Task

A quasi-experimental, within-subjects design was applied. According to the study design, each participant did work in workstation A (low-height vertical loom) on the first day and in workstation B (adjustable vertical loom) on the second day. All the participants were asked to work in each workstation for 3 h on 2 separate days. The tasks included routine carpet weaving tasks (knitting, fixating strings, etc.).

Carpet weaving tasks contain 4 groups of repeated tasks. Before starting the study, during the pilot phase, a task analysis of carpet weaving procedure was performed. One weaving cycle consisted of 4 tasks: knotting, picking up the yarn, fixing the yarn and fixing the knots, which took 90%, 2%, 5% and, 3% of the weaving cycle time, respectively. During 1 min, 15-30 wefts were inserted. Therefore, EMG recording was done during the first task. Recording of surface EMG was done 4 times during 3 h of work. Subjective data were collected using Borg's CR-10 scale at the second hour and at the end of work. Borg's CR-10 scale has been suggested to determine perceived exertion such as fatigue, especially in work tests [15].

EMG signal recording

In the pilot study, 6 muscles were tested: bilateral upper trapezius, bilateral mid-deltoid, and bilateral sternoclei-domastoid. Our limitation was that only 4 surface electrodes were available. Therefore, due to muscle location and disturbing the work, bilateral sternocleidomastoid was pretermitted from the study and bilateral upper trapezius and bilateral mid-deltoid were selected.

Myoelectrical signals were recorded simultaneously from 4 muscles by Biometric/Data-link 8 channel surface electromyogram (in this paper, UTL stands for upper trapezius left, UTR for upper trapezius right, MDL for middeltoid left, and MDR stands for mid-deltoid right). For recording the signals, 4 surface electrodes (model SX-230 with high impedance [greater than or equal to] 100 M[ohm]) were used. Before attaching the electrodes, skin was cleaned with alcohol wipes. The electrode was attached on muscle belly and parallel to the muscle fibers.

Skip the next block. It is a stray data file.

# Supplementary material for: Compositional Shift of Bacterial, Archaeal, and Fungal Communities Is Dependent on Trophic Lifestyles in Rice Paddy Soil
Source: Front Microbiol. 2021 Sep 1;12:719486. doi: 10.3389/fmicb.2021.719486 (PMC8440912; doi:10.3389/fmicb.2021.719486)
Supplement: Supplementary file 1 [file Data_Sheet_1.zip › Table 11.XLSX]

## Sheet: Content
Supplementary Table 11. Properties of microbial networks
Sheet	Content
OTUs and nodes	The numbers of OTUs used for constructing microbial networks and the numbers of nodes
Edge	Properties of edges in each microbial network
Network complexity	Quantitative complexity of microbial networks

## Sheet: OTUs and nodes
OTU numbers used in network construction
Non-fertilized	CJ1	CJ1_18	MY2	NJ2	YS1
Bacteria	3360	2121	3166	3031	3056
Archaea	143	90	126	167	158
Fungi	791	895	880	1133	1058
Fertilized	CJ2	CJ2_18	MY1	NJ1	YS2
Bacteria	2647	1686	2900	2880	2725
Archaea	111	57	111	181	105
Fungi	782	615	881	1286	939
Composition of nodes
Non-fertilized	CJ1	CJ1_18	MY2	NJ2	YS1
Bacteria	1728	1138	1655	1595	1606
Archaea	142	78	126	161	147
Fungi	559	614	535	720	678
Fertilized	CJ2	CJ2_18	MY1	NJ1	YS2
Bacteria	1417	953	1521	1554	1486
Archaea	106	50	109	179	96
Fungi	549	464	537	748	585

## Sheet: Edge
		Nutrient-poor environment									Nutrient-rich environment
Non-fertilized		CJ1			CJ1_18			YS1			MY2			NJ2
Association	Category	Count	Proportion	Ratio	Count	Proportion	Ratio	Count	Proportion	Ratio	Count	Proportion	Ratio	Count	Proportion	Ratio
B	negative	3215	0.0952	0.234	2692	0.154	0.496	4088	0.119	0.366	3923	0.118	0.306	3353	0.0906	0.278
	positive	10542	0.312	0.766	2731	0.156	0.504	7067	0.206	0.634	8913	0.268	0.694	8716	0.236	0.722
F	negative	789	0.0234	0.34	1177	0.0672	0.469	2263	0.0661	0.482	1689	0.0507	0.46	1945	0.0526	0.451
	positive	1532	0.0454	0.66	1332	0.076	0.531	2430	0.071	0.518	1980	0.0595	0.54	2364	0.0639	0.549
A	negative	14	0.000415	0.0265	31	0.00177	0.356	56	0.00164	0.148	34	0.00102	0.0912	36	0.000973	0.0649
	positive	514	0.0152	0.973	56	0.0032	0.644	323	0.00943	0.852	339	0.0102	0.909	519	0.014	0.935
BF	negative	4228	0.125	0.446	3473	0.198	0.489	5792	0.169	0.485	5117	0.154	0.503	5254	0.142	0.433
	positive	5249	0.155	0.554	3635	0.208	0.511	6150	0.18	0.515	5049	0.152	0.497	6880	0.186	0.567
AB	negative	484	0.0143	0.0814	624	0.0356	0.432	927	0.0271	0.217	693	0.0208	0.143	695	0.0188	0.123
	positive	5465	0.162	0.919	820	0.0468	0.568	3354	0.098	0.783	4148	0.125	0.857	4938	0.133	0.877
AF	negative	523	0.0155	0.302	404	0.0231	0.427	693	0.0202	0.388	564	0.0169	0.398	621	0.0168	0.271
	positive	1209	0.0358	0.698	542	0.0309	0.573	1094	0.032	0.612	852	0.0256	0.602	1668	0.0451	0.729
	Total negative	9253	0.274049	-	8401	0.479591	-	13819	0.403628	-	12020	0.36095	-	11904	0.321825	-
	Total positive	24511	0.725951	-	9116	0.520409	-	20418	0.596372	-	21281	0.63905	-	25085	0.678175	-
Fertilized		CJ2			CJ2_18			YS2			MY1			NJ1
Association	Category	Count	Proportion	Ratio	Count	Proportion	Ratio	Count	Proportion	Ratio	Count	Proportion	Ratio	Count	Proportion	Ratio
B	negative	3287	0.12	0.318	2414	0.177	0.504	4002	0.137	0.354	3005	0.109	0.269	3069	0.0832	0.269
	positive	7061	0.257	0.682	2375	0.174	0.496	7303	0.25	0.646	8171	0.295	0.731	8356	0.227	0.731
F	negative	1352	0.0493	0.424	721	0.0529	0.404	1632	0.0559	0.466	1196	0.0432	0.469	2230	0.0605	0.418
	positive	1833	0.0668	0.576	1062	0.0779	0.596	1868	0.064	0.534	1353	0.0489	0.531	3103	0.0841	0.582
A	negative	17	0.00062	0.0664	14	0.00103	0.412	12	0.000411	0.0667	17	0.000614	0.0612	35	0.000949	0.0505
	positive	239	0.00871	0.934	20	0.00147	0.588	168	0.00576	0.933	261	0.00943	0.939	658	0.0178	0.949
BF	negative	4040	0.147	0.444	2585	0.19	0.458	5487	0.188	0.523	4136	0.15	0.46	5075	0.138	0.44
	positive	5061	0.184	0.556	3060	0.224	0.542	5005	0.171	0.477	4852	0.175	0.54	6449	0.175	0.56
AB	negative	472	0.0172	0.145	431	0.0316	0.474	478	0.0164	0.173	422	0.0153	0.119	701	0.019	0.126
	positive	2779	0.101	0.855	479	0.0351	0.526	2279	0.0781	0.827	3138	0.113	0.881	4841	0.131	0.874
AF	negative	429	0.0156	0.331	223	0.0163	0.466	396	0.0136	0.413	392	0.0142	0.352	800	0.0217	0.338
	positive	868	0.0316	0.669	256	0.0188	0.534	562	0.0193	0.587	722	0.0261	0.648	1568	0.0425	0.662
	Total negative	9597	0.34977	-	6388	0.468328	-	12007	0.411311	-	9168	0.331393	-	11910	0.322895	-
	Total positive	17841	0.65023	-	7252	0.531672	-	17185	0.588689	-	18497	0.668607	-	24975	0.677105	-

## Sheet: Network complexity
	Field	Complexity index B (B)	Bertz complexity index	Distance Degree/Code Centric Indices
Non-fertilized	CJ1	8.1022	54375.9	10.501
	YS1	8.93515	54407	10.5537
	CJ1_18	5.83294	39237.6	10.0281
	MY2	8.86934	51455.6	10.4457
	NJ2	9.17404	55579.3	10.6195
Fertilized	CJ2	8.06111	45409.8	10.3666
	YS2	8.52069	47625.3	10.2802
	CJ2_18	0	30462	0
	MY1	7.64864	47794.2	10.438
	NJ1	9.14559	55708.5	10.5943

Electrode placement for the deltoid was at the point halfway between the lateral aspect of the acromion process and insertion of the deltoid on the deltoid tubercle. The electrode on the upper trapezius muscle was placed at the midpoint between C7 spinous process and the posterior aspect of the acromion process [16]. Also, the ground electrode was placed over styloid process.

At the beginning and end of each working day, a series of maximal voluntary contractions (MVC) were performed. For the upper trapezius, static resistance was arranged by manually fixating the arm with a large enough load to press the shoulder down. For mid-deltoid muscle, in a seated position, with fixated back, the arms were fixated in about 90[degrees] position. The bilateral contractions were performed to ensure a balanced force distribution for the trunk [17]. The contractions were repeated 3 times with about 1 min rest between each one. These recordings were used to normalize the EMG amplitudes.

After 5 min of rest, the participant started weaving and EMG was recorded at start of work, end of the first h, second h, and third h. Duration of recording of each signal was 30 s. This procedure was applied for each workstation separately. In order to match data for all the participants, recording was done during the same task of carpet weaving.

Subjective rating scale

Borg's CR-10 scale was developed for rating subjective symptoms from 0 to 10 with the numbers anchored by verbal expressions; i.e., 0 is nothing at all, 5 is strong, and 10 is extremely strong--maximal [15]. This scale was used as a subjective assessment of fatigue in other fatigue-related studies [14, 18-20].

During work in each session, at the second h and at the end of work, the participants' self-assessed fatigue in the shoulder girdle was evaluated by the Borg's CR-10 scale.

EMG signal processing